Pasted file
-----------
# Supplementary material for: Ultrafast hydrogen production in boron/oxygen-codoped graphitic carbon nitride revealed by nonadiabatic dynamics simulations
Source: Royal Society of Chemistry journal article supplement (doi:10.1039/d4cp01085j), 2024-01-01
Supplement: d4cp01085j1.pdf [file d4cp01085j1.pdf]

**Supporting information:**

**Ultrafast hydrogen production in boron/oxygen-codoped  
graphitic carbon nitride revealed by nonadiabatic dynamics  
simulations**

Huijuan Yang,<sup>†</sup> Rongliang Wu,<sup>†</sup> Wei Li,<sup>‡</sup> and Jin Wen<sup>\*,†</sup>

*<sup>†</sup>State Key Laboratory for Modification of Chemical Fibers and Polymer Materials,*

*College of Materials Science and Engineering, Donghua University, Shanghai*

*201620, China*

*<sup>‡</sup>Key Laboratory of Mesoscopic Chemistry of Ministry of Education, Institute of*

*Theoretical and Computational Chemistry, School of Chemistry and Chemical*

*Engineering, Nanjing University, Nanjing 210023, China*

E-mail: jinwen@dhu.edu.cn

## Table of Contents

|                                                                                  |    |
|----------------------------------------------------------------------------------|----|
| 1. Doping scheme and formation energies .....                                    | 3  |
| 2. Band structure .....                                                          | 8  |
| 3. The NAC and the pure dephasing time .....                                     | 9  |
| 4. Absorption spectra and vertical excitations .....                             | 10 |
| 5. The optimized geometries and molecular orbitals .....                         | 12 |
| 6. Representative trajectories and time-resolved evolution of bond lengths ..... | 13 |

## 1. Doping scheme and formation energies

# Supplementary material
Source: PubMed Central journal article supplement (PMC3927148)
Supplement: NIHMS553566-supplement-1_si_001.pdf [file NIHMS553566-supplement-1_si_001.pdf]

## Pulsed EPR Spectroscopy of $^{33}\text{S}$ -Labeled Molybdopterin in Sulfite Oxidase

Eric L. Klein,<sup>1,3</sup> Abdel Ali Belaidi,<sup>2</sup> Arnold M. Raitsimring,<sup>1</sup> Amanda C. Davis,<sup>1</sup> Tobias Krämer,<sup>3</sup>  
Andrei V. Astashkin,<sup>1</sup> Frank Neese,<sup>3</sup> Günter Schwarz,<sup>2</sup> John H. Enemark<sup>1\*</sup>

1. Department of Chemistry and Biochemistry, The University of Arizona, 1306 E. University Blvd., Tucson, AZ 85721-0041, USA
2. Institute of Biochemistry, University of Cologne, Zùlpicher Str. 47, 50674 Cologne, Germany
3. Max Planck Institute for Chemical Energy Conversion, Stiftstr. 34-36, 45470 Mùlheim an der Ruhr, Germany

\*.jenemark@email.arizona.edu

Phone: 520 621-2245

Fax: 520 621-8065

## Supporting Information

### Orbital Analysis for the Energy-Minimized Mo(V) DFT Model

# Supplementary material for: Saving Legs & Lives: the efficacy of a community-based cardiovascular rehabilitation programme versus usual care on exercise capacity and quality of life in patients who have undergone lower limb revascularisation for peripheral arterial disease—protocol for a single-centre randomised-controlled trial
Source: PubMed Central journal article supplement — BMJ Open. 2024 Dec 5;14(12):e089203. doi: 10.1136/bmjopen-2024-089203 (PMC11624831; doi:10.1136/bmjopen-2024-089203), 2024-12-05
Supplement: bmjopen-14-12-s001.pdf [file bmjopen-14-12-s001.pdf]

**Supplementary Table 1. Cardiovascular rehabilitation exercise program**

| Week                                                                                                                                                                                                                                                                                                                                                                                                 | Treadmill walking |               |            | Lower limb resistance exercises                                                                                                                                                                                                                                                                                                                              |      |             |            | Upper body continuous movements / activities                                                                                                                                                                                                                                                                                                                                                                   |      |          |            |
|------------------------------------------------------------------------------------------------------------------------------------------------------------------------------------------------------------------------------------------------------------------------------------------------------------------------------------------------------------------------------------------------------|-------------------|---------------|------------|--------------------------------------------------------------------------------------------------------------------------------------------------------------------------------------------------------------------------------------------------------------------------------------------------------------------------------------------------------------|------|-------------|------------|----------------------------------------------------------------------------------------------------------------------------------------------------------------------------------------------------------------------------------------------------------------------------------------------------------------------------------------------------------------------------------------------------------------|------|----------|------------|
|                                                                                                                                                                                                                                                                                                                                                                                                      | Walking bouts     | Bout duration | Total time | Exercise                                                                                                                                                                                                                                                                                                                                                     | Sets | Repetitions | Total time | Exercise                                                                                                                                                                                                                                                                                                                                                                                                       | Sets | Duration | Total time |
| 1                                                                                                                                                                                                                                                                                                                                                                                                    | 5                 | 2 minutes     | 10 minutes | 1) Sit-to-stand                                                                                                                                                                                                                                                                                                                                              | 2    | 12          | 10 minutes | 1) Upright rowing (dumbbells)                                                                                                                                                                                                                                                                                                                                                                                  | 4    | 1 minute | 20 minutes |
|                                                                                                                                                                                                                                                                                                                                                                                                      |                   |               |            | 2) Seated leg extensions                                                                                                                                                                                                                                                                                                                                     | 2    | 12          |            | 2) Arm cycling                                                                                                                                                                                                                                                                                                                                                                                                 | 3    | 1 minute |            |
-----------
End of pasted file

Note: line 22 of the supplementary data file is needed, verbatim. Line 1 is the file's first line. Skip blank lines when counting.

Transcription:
| 4. Absorption spectra and vertical excitations .....                             | 10 |